This formation is an interesting option because of a high degree of flexibility and diverse possible roles. Reus and Aubameyang could be an extremely dynamic striker duo, providing runs in behind the defence between the centre-backs and the full-backs, or can move to the wings and can also trouble both a back four and a back three. Against a defence with three men, the gap between the centre-back and full-back or the zones behind advanced wing-backs would be areas to focus. Against a back four, both forwards could deal with the entire defensive line and move between the centre-backs and full-backs.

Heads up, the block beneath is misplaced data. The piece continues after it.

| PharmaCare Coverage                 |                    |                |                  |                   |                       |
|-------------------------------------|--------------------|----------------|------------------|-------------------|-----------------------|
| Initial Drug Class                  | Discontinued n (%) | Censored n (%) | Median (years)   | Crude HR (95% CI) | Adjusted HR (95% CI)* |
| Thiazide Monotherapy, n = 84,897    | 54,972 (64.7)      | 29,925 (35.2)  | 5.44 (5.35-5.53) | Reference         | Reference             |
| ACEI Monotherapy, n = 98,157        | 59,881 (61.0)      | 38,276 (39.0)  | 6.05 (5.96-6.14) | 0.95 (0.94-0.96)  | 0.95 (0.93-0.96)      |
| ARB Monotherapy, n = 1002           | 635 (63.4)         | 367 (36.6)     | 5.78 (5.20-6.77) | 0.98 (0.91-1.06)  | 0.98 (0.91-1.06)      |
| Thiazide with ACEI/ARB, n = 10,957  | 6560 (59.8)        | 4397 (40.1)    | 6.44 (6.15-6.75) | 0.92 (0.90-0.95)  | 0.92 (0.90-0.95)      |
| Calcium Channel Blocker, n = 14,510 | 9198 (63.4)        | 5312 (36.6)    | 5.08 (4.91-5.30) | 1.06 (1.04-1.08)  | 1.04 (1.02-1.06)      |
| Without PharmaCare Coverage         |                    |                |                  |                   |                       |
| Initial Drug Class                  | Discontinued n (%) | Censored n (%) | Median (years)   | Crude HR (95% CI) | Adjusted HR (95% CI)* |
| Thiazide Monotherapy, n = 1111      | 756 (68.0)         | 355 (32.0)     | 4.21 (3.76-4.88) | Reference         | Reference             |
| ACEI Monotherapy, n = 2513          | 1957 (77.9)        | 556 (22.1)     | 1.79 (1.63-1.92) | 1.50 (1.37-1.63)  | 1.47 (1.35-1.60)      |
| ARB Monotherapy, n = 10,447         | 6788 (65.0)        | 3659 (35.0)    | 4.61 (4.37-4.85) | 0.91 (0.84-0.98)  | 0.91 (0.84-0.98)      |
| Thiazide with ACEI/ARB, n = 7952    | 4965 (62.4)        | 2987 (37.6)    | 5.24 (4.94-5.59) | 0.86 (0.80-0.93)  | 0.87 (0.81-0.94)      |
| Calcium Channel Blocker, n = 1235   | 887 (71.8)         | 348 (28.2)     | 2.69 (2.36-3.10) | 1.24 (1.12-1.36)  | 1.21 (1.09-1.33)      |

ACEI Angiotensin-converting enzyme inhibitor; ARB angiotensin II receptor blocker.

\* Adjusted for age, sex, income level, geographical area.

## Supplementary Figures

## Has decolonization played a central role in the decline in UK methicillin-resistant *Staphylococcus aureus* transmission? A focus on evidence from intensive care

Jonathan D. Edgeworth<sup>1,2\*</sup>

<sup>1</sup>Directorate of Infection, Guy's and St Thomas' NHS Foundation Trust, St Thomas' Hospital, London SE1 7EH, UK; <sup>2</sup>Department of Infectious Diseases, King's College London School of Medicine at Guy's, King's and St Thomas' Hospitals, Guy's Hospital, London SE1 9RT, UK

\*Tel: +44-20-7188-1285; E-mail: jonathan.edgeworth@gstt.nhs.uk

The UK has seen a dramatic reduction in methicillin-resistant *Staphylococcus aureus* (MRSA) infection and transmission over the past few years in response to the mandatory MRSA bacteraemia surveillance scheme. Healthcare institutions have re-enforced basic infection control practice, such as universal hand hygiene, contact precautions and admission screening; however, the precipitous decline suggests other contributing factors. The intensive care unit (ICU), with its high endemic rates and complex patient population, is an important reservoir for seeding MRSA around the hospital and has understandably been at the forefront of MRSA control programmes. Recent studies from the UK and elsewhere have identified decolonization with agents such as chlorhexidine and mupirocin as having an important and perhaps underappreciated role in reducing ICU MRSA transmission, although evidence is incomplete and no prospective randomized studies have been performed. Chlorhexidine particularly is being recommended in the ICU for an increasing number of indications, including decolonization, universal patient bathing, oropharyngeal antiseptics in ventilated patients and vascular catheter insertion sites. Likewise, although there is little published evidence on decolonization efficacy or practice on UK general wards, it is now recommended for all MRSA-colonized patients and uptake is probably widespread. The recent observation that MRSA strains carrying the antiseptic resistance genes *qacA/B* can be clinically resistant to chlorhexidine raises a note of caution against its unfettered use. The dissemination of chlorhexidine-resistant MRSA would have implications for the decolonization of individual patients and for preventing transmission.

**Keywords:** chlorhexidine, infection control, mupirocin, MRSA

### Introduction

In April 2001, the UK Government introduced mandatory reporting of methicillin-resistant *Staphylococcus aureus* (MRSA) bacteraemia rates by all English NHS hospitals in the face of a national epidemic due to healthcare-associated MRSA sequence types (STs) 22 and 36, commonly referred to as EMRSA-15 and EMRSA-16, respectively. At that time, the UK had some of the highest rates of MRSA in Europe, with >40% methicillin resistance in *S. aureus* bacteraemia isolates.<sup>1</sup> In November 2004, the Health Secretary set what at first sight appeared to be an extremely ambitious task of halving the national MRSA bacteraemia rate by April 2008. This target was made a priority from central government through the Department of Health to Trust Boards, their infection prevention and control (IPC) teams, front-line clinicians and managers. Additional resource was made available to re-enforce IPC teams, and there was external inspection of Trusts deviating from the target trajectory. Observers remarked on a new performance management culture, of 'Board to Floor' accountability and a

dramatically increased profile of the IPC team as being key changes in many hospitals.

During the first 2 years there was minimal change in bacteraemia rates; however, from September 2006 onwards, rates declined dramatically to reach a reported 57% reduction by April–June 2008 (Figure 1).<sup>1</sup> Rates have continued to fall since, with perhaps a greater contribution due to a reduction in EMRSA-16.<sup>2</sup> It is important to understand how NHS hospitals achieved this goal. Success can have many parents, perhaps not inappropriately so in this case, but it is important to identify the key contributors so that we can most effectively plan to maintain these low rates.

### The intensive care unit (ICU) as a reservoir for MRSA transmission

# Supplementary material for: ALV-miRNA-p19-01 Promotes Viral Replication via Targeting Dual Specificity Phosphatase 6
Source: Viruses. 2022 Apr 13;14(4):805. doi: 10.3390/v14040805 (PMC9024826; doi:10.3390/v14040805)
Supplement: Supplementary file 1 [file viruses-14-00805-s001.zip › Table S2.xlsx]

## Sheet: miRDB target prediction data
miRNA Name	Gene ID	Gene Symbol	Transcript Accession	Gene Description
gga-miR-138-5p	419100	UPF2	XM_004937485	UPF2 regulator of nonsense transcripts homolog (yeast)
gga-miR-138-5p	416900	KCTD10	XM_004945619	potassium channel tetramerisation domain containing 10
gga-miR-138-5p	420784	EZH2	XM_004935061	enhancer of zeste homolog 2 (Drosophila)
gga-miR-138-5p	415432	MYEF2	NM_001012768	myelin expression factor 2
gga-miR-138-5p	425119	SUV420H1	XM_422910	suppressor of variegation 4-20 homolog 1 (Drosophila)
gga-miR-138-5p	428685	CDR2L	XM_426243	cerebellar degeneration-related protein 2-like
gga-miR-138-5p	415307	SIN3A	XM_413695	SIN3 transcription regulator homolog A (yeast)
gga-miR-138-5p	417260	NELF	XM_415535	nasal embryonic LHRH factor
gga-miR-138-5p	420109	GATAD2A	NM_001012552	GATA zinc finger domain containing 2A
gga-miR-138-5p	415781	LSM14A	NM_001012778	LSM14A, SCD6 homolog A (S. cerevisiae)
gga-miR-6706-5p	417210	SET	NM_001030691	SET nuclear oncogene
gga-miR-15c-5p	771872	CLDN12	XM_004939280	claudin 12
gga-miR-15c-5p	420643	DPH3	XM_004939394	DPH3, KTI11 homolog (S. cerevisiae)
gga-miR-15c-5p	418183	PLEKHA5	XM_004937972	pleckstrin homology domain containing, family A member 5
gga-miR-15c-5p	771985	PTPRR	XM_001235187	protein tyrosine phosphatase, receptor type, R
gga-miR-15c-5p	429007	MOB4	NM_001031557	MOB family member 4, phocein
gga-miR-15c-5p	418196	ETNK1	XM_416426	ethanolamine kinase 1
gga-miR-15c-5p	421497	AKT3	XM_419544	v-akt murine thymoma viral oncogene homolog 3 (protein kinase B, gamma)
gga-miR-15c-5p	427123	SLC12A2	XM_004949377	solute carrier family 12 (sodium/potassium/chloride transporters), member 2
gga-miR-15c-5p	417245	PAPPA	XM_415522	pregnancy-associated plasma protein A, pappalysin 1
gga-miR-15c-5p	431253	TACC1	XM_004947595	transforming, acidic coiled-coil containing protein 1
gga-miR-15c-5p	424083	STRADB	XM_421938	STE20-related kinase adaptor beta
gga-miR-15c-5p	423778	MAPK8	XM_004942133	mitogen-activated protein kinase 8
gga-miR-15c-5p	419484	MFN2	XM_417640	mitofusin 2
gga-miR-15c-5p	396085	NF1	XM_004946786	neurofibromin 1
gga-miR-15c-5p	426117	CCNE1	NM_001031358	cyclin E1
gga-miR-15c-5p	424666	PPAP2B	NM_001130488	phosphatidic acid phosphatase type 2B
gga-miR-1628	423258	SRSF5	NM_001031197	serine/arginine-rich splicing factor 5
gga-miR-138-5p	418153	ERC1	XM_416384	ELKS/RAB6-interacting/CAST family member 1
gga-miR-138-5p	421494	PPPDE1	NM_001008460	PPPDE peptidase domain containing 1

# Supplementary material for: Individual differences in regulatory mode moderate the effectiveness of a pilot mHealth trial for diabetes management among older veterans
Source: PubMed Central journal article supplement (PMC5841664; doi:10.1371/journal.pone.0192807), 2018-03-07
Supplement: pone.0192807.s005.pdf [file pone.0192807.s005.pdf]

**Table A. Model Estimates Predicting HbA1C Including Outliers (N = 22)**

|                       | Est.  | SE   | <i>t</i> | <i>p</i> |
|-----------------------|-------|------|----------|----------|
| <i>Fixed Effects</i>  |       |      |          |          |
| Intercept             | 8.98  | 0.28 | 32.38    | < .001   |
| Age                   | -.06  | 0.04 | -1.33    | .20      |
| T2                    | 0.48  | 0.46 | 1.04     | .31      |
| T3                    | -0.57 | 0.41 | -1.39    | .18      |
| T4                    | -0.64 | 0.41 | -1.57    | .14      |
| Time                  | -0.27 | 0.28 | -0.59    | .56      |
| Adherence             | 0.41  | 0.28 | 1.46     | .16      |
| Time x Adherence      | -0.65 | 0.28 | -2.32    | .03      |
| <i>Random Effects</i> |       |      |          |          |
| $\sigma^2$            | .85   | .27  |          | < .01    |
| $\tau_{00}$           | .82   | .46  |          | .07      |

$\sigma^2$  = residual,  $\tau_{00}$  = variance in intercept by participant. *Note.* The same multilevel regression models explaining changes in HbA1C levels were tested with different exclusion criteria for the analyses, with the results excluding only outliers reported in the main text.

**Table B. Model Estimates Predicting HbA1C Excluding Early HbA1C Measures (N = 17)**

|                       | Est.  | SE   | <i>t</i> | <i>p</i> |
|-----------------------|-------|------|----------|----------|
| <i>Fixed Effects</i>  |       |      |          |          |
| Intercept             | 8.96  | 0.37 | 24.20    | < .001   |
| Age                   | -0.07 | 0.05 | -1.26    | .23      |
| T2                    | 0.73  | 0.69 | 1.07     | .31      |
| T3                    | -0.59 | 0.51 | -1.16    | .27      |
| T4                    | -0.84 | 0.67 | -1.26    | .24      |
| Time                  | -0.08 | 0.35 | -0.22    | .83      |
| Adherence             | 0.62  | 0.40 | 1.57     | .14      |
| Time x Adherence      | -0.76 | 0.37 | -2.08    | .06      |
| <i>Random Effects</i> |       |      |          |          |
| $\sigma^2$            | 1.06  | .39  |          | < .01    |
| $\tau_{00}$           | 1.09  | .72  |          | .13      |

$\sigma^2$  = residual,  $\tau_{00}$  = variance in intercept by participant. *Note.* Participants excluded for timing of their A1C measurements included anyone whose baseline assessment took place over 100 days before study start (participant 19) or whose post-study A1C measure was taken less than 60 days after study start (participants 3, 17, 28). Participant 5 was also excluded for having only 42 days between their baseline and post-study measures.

Kagawa as no. 10 could bring on his entire genius in the ability to press, occasionally going up front and man-marking the opposing deep-lying playmaker. Depending on the strategical focus, they can attack directly or steer the opponent towards one side through a narrow positioning of the three offensive players. Mkhitaryan and Gündoğan (or Oliver Kirch) as asymmetrically acting midfielders alongside the deeper positioned Kehl (or Sven Bender) would take care of the half-spaces and initiate counter attacks. Gündoğan (or Kirch) provides the ball circulation, Mkhitaryan the verticality and the occupation of attacking spaces. Even a very aggressive variant with Gündoğan between Mkhitaryan and Kevin Grosskreutz or the returning Jakub Błaszczykowski is conceivable.

4-3-1-2

4-3-2-1 – Asymmetry all over the park